# 15292 History of Computing

SPRING 2017

HOME | COURSE INFO | SCHEDULE & EXAMS | LECTURES | ASSIGNMENTS | RESOURCES

# COMPUTING ASSIGNMENT 2

### ASSIGNMENT

Due: Friday, February 10 by 10:30AM

In World War II, the Germans used a device called an Enigma machine to encode messages that should be delivered to soldiers on the field. The beauty of this machine is that as each letter in the message is encoded to another letter, the encoding function changes, so the same letter later in the message would not necessarily be encoded the same way. Eventually, the machine's operation was discovered by the Allies, and they were able to decode the messages and learn what the Germans were planning to do. Alan Turing, considered the father of computer science, played a major role in determining how to crack the Enigma code and designing a machine called the Bombe to automate the process.

Here's how the machine works (this is a slightly simplified version - based on information provided HERE).

1. We start with Table I that shows how to encrypt the original character:

Table I
 A B C D E F G H I J K L M N O P Q R S T U V W X Y Z B D F H J A C P R T X V Z N Y E I W G L K M U S Q O

For example, if the original character is G, this table shows that it should be converted to C.

2. Next, the converted character is used in Table II for another encryption:

Table II
 A B C D E F G H I J K L M N O P Q R S T U V W X Y Z A J D K S I R U X B L H W T M C Q G Z N P Y F V O E

For example, the converted character C from Table I would then be converted into a D using Table II.

3. Next, the converted character from Table III is converted using Table III, which is a "reflector" table that is set up so that if x converts to y then y converts to x:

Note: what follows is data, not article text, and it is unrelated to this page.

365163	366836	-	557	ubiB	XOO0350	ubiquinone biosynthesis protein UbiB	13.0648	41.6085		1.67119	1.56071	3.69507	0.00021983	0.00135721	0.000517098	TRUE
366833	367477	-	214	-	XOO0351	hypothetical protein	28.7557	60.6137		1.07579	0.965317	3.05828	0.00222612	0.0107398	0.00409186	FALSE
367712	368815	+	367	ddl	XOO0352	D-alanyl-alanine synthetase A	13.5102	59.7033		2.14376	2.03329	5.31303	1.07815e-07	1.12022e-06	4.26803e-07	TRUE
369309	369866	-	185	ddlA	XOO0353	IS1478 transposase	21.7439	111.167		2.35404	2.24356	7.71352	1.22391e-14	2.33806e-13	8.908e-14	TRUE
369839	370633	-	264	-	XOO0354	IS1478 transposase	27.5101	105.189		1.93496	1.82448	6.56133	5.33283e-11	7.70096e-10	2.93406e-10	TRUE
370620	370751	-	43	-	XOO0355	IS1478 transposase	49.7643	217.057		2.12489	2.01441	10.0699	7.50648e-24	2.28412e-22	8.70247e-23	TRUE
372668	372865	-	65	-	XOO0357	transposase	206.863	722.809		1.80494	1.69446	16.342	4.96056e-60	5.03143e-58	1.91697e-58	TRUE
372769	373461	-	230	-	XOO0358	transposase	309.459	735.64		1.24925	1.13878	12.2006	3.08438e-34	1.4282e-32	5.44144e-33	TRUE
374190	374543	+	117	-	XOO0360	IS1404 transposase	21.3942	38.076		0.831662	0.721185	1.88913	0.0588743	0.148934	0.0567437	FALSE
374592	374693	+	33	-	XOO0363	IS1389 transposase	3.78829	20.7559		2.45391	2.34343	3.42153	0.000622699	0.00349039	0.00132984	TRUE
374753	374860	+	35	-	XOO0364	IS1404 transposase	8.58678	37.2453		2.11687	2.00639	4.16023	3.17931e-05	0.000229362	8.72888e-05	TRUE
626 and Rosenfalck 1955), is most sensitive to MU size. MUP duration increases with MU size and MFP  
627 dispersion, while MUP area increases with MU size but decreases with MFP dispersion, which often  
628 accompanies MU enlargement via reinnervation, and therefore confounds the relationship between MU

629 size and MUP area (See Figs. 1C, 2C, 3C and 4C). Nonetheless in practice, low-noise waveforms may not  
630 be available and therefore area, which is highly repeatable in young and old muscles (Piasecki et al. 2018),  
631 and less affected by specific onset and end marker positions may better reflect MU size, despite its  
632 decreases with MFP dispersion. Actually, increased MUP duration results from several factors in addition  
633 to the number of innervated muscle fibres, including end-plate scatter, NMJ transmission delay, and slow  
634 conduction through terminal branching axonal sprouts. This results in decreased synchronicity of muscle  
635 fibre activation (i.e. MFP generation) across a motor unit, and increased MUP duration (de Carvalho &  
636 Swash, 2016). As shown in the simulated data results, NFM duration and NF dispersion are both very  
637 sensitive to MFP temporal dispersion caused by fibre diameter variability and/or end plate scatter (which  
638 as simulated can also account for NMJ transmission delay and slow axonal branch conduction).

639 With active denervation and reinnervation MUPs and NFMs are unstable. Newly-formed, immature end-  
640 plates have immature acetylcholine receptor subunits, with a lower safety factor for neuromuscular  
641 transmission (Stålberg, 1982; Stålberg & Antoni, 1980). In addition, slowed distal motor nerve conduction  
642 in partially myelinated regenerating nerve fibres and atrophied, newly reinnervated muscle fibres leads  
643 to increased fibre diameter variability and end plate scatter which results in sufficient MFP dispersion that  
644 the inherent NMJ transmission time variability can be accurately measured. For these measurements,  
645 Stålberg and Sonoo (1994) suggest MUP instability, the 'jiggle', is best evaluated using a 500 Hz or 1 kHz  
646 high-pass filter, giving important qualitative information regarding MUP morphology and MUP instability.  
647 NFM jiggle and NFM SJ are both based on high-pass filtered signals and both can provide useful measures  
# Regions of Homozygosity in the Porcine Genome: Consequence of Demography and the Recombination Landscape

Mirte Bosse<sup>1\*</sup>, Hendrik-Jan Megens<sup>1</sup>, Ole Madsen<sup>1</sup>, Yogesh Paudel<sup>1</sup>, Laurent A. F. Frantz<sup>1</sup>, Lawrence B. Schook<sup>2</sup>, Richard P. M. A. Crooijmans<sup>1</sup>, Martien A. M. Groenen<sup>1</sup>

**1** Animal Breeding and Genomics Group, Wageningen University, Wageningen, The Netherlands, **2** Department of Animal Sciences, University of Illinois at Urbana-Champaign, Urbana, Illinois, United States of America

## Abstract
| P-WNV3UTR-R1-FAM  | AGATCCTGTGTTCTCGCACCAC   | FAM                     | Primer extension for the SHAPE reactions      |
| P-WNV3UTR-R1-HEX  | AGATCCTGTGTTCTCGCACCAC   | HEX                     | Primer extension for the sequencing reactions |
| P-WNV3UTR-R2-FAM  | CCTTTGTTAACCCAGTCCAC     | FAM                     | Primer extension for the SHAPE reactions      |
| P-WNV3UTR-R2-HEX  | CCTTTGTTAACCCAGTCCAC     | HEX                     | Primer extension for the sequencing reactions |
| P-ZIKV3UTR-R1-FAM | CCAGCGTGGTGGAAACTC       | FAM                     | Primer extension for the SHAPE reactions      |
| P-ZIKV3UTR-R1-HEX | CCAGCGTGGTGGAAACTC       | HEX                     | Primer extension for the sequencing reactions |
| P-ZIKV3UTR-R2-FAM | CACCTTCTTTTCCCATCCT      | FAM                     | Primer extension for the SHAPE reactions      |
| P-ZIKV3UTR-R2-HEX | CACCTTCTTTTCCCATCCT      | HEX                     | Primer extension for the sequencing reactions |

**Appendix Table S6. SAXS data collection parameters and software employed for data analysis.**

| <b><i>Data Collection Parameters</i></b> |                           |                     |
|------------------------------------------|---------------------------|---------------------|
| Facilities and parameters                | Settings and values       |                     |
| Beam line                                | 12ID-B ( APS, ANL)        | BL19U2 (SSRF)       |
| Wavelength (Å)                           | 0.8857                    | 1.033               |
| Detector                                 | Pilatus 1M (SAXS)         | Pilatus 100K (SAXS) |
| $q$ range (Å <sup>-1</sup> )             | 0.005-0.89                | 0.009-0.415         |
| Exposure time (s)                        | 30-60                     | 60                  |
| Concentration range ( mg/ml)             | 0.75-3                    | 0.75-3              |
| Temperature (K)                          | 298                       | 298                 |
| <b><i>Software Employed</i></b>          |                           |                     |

Table III
 A B C D E F G H I J K L M N O P Q R S T U V W X Y Z Y R U H Q S L D P X N G O K M I E B F Z C W V J A T

For example, the converted character D from Table II now gets converted into an H. (Note that H also converts back to a D in the table since the table is a "reflector".)

4. Now we use Table II backwards to further encrypt the character. Table II is now used as an inverse function, so we start with a character along the bottom row and encrypt to a character along the top row.

Table II (used in reverse)
 A B C D E F G H I J K L M N O P Q R S T U V W X Y Z A J D K S I R U X B L H W T M C Q G Z N P Y F V O E

For example, the H that comes from Table III is now encrypted to an L using Table II in reverse.

5. Finally we use Table I backwards to further encrypt the character. Table I is used as an inverse function also, so we start with a character along the bottom row and encrypt to a character along the top row.

Table I (used in reverse)
 A B C D E F G H I J K L M N O P Q R S T U V W X Y Z B D F H J A C P R T X V Z N Y E I W G L K M U S Q O

For example, the L the comes from Table II (in the previous step) is now encrypted to a T using Table I in reverse.

So in our example, the original character is encrypted from G to T as follows:

G --> C --> D --> H --> L --> T